Fernby Films

Movie Review – Social Dilemma, The

Principal Cast : Skyler Gisondo, Kara Hayward, Vincent Kartheiser, Sophia Hammons, Catalina Garayoa, Barbara Gehring, Chris Gurndy, Tristan Harris, Aza Raskin, Justin Rosenstein, Shoshana Zuboff, Jaron Lanier, Tim Kendall, Rashida Richardson, Cathoy O’Neil, Anna Lembke, Roger McNamee, Jonathan Haidt.
Synopsis: This docudrama explores the dangerous human impact of social networking, with tech experts sounding the alarm on their own creations.

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As ubiquitous as it has become, the rise of Social Media has brought with it all manner of social ills and technological problems, the least of which is concerns over privacy and what we see on each of the various platforms we utilise. A truism in information technology is that if you aren’t paying for a product, then you are the product, and never has this been more true to global tech giants like Facebook, Twitter, Instagram and even Google, the latter of which is often seen as the gateway to the internet when in actual fact it’s far more than that. Netflix’s latest documentary to tackle the issue of social media and how it affects our society is a crisp, clear-eyed yet superficial examination of what makes the technology tick, how we use it, and more importantly, how it uses us.

One part documentary, one part dramatized PSA, The Social Dilemma initially feels like a cautionary tale from some soon-to-occur future where the world has fallen into some mad dystopia, before rapidly turning into what feels like a campaign advertising the Centre For Humane Technology, subverting the motivations behind those on the screen in a starkly similar way to the platforms under the microscope within the movie. Ostensibly featuring interviews with people formerly associated with many of the major social media creations we know today – Facebook, Twitter, Instagram et al – the film attempts to explain how these platforms use us (rather than the other way around) for data extrapolation and how and why that data is used, often for nefarious purposes.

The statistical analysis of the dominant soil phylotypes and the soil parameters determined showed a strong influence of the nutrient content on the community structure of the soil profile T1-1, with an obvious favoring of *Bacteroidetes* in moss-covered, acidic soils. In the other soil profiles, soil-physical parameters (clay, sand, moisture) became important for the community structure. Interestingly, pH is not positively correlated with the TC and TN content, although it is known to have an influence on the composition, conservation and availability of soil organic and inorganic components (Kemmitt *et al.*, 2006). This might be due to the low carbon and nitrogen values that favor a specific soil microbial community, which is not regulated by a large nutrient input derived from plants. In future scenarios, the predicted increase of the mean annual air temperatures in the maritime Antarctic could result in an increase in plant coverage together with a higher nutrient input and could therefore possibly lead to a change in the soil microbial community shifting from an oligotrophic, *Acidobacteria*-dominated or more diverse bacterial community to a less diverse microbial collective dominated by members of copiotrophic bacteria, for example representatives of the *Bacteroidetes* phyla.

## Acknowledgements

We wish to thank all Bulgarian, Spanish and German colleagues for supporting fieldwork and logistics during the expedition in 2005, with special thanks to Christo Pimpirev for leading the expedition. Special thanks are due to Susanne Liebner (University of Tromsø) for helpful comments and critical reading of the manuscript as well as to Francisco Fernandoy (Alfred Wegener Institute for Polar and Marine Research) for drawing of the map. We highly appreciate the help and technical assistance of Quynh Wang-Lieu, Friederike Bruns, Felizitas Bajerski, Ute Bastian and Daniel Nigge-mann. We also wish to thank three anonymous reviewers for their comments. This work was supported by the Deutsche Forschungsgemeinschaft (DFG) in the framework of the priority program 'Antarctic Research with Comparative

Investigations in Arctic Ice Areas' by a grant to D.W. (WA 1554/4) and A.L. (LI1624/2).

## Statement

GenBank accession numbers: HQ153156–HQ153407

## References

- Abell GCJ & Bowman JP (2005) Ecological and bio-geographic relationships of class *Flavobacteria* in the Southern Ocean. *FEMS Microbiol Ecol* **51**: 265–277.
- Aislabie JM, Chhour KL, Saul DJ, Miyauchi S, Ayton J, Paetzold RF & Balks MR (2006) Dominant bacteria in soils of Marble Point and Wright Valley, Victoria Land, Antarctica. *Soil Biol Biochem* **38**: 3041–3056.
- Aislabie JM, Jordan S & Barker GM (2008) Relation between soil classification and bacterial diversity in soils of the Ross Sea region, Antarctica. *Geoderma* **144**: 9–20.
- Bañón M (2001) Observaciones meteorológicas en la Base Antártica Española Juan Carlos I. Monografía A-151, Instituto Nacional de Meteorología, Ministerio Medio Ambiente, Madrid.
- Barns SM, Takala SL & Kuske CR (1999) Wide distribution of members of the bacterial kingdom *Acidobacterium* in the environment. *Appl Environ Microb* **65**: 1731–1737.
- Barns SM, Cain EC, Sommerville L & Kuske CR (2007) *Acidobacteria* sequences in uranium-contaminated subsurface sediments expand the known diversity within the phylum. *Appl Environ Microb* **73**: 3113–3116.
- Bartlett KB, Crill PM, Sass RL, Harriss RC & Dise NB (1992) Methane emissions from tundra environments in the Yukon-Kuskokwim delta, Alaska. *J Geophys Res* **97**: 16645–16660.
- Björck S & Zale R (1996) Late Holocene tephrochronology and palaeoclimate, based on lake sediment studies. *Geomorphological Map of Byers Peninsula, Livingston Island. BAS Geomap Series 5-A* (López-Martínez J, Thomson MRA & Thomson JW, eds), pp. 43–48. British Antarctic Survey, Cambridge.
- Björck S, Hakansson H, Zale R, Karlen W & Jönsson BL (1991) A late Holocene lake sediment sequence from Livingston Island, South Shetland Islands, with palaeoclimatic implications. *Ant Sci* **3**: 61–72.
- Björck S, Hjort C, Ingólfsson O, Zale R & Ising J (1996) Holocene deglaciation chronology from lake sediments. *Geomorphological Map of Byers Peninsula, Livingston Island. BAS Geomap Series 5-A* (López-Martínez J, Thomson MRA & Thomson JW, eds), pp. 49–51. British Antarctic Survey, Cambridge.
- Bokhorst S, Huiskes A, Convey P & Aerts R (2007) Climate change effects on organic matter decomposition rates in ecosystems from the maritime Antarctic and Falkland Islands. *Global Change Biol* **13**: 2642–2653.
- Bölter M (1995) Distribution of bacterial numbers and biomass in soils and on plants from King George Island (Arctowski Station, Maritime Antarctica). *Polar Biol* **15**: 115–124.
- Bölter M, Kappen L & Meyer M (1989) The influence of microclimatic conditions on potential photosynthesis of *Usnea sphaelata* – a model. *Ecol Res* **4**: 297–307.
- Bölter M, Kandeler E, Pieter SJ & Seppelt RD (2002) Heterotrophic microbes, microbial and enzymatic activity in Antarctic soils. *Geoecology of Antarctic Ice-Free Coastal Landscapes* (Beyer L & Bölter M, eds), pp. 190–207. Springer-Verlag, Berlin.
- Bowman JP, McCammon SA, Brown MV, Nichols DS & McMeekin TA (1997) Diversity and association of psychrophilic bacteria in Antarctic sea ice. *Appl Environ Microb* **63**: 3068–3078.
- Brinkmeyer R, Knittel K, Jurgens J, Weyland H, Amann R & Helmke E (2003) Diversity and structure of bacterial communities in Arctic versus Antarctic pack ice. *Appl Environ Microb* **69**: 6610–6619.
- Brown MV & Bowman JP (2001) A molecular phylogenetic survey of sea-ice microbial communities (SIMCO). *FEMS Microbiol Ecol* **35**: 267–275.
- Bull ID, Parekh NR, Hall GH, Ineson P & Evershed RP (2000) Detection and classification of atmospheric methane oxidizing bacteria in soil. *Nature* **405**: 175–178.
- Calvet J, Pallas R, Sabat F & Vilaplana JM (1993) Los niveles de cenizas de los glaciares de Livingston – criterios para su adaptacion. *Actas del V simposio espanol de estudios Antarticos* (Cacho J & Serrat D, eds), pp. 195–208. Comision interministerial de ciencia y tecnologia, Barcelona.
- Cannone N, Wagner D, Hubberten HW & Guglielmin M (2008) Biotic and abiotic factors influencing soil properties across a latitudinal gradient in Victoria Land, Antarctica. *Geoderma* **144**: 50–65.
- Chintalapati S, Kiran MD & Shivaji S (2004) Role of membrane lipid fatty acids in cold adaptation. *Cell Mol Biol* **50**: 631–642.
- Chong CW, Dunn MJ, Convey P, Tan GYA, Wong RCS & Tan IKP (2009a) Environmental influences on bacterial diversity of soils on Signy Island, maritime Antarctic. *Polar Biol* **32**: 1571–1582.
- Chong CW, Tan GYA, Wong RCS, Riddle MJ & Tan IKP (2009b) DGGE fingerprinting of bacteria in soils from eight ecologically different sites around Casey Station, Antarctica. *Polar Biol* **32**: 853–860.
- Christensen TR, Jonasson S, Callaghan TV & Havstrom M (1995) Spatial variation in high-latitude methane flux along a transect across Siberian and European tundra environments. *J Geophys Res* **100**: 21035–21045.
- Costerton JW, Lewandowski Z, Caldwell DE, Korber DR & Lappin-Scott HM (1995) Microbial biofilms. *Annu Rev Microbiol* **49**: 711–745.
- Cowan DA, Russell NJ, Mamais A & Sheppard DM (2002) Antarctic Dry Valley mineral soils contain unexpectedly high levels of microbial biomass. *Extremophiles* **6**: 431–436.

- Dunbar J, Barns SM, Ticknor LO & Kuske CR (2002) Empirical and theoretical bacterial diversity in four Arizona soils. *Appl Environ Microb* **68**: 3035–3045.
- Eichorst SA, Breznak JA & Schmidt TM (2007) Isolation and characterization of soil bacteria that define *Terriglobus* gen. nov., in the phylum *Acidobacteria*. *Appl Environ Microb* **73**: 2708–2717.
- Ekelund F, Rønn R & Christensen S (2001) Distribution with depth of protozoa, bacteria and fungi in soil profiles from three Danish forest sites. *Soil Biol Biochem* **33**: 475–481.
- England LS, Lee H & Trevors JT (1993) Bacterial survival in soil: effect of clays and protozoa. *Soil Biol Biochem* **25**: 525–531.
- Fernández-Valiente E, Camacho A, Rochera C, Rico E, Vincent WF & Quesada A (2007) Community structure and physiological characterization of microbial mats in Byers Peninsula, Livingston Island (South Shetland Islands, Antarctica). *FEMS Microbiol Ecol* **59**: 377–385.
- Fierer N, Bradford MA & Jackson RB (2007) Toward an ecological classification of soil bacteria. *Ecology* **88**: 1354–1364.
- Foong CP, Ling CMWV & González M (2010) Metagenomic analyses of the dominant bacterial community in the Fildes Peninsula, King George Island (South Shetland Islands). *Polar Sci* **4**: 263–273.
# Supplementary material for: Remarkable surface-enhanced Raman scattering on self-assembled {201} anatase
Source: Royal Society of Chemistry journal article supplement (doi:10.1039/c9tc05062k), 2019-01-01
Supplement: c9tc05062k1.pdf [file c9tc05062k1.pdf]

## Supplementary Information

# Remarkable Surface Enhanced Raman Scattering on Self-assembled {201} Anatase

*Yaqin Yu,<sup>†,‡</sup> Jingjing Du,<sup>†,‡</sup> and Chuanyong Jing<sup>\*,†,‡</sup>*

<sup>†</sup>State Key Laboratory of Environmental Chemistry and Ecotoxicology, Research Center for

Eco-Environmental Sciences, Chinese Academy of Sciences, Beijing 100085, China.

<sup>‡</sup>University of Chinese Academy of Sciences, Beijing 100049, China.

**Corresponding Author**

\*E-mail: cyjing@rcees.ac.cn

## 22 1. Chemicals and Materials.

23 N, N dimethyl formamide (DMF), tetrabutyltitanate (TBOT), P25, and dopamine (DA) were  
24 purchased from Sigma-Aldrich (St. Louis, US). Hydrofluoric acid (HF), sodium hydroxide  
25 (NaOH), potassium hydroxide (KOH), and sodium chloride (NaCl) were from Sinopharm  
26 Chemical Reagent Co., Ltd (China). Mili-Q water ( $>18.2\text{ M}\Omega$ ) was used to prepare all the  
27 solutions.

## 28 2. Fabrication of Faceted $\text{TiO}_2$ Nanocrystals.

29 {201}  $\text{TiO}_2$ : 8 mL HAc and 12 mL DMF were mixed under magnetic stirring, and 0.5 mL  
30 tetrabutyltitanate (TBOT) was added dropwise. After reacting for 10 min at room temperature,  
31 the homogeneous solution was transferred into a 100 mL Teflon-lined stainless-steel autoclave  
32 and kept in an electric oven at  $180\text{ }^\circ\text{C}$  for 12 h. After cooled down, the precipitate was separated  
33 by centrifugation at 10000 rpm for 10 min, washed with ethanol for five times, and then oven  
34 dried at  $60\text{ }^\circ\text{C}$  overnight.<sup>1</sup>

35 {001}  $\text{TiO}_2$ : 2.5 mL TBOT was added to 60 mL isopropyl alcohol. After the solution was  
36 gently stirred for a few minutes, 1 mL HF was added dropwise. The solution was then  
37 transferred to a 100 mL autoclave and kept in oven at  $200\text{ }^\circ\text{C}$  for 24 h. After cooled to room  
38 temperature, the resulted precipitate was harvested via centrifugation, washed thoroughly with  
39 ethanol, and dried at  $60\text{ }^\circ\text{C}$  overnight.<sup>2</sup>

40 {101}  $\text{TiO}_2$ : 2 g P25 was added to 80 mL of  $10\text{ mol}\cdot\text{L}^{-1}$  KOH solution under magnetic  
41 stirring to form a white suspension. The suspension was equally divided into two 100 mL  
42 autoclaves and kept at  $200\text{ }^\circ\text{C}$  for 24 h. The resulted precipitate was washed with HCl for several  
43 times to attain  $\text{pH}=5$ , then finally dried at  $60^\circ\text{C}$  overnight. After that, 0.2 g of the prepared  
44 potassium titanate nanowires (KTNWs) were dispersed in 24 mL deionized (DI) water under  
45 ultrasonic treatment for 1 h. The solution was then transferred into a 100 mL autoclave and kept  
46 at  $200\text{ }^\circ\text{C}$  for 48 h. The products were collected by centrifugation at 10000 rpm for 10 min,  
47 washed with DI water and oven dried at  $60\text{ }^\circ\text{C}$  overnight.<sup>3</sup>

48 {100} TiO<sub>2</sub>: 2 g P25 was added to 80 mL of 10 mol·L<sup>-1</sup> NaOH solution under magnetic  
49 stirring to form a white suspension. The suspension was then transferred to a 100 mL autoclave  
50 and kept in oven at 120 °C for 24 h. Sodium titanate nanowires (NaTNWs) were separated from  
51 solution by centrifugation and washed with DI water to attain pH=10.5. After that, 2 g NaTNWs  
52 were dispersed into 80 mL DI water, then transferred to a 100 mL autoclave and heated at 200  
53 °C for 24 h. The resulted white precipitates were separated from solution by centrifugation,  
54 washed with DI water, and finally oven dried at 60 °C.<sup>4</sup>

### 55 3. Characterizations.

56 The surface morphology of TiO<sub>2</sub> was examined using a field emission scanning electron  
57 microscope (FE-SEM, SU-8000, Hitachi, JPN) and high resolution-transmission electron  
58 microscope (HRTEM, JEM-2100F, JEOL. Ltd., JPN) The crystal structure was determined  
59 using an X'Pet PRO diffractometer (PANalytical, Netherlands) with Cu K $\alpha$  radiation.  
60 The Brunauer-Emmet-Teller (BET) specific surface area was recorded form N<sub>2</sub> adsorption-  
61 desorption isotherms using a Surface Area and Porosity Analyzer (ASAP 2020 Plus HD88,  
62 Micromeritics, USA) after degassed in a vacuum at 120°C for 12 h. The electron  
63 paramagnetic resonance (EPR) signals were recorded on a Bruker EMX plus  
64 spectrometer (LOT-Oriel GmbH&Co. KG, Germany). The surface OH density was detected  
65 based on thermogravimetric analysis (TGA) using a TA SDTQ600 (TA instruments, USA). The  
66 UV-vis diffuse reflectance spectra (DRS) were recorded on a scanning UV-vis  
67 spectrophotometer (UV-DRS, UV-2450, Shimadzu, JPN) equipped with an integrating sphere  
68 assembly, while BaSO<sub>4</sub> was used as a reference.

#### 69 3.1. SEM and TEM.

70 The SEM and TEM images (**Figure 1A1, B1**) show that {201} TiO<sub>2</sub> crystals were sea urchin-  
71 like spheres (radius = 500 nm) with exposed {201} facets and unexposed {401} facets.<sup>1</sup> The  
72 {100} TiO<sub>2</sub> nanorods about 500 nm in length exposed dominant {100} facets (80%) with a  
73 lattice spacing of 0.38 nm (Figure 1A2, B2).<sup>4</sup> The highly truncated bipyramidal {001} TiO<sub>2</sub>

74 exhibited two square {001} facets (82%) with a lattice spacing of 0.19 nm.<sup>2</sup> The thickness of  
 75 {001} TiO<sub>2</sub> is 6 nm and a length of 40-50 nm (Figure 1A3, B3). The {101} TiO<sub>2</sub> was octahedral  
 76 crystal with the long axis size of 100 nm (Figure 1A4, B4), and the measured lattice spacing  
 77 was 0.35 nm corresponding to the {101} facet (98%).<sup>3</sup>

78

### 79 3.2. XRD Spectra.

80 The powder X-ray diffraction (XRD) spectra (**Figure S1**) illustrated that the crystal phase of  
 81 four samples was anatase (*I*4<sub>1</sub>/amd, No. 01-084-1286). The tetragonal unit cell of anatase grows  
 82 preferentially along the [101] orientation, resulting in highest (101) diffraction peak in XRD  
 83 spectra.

Any good documentary would provide a sense of balance for any argument is proposes, but The Social Dilemma refuses to do that: according to this film, humanity is on the precipice of self destruction thanks to artificial intelligence and the algorithms defined by our internet usage. We are but a retweet away from oblivion, if these stark warnings have any credence. And they should have credence, considering some of the people involved in this film are responsible for some of the most popular platforms and ideas circulating on the socials, but despite a strident insistence that all social media is evil and we should pretty much cast our phones into a fiery pit along with Mark Zuckerberg for destroying democracy, something feels a touch off about The Social Dilemma’s methodology. Alongside regular old interviews is mixed a zany day-in-the-life of a Standard Human Family struggling to deal with technology use and the breakdown of our relationships with each other. Okay, it’s not zany, as lead actor Skyler Gisondo is affected by his phone’s anthropomorphised desire to keep him scrolling his feeds (thanks to triplicated actor Vincent Kartheiser, who is actually quite effective here) and the film tries to depict us as zombies to our notifications and desire for instant refresh gratification, but to a degree there’s an overbearing sense of hotheaded school principal about the entire thing.